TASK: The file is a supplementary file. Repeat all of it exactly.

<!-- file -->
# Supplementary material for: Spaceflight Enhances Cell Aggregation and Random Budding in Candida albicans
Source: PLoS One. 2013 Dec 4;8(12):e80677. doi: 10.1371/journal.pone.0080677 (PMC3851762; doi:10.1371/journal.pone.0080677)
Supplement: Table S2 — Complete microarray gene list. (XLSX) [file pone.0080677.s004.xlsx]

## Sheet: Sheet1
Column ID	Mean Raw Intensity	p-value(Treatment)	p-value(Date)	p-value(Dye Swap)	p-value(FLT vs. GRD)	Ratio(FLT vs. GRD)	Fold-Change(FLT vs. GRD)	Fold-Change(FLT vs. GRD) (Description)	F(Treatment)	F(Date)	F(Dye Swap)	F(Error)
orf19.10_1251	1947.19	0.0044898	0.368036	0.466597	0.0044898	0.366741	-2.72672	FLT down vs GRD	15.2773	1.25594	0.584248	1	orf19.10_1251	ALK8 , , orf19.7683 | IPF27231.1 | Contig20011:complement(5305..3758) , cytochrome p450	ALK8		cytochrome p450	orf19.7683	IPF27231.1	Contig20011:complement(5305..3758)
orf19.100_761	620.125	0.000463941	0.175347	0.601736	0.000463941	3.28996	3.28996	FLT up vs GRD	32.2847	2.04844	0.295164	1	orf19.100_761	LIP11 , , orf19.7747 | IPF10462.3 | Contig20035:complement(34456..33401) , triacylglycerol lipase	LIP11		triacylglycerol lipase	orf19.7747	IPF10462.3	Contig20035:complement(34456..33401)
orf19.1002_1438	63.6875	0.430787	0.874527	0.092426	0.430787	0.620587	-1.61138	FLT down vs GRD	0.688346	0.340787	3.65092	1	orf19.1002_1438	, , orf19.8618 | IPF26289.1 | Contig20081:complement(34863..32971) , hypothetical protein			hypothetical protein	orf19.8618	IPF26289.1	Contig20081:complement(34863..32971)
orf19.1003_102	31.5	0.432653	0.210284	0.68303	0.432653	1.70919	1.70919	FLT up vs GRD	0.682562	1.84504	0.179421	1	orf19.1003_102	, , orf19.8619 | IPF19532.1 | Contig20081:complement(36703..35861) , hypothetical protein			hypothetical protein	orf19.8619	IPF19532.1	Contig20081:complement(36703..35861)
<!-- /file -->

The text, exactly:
# Supplementary material for: Spaceflight Enhances Cell Aggregation and Random Budding in Candida albicans
Source: PLoS One. 2013 Dec 4;8(12):e80677. doi: 10.1371/journal.pone.0080677 (PMC3851762; doi:10.1371/journal.pone.0080677)
Supplement: Table S2 — Complete microarray gene list. (XLSX) [file pone.0080677.s004.xlsx]

## Sheet: Sheet1
Column ID	Mean Raw Intensity	p-value(Treatment)	p-value(Date)	p-value(Dye Swap)	p-value(FLT vs. GRD)	Ratio(FLT vs. GRD)	Fold-Change(FLT vs. GRD)	Fold-Change(FLT vs. GRD) (Description)	F(Treatment)	F(Date)	F(Dye Swap)	F(Error)
orf19.10_1251	1947.19	0.0044898	0.368036	0.466597	0.0044898	0.366741	-2.72672	FLT down vs GRD	15.2773	1.25594	0.584248	1	orf19.10_1251	ALK8 , , orf19.7683 | IPF27231.1 | Contig20011:complement(5305..3758) , cytochrome p450	ALK8		cytochrome p450	orf19.7683	IPF27231.1	Contig20011:complement(5305..3758)
orf19.100_761	620.125	0.000463941	0.175347	0.601736	0.000463941	3.28996	3.28996	FLT up vs GRD	32.2847	2.04844	0.295164	1	orf19.100_761	LIP11 , , orf19.7747 | IPF10462.3 | Contig20035:complement(34456..33401) , triacylglycerol lipase	LIP11		triacylglycerol lipase	orf19.7747	IPF10462.3	Contig20035:complement(34456..33401)
orf19.1002_1438	63.6875	0.430787	0.874527	0.092426	0.430787	0.620587	-1.61138	FLT down vs GRD	0.688346	0.340787	3.65092	1	orf19.1002_1438	, , orf19.8618 | IPF26289.1 | Contig20081:complement(34863..32971) , hypothetical protein			hypothetical protein	orf19.8618	IPF26289.1	Contig20081:complement(34863..32971)
orf19.1003_102	31.5	0.432653	0.210284	0.68303	0.432653	1.70919	1.70919	FLT up vs GRD	0.682562	1.84504	0.179421	1	orf19.1003_102	, , orf19.8619 | IPF19532.1 | Contig20081:complement(36703..35861) , hypothetical protein			hypothetical protein	orf19.8619	IPF19532.1	Contig20081:complement(36703..35861)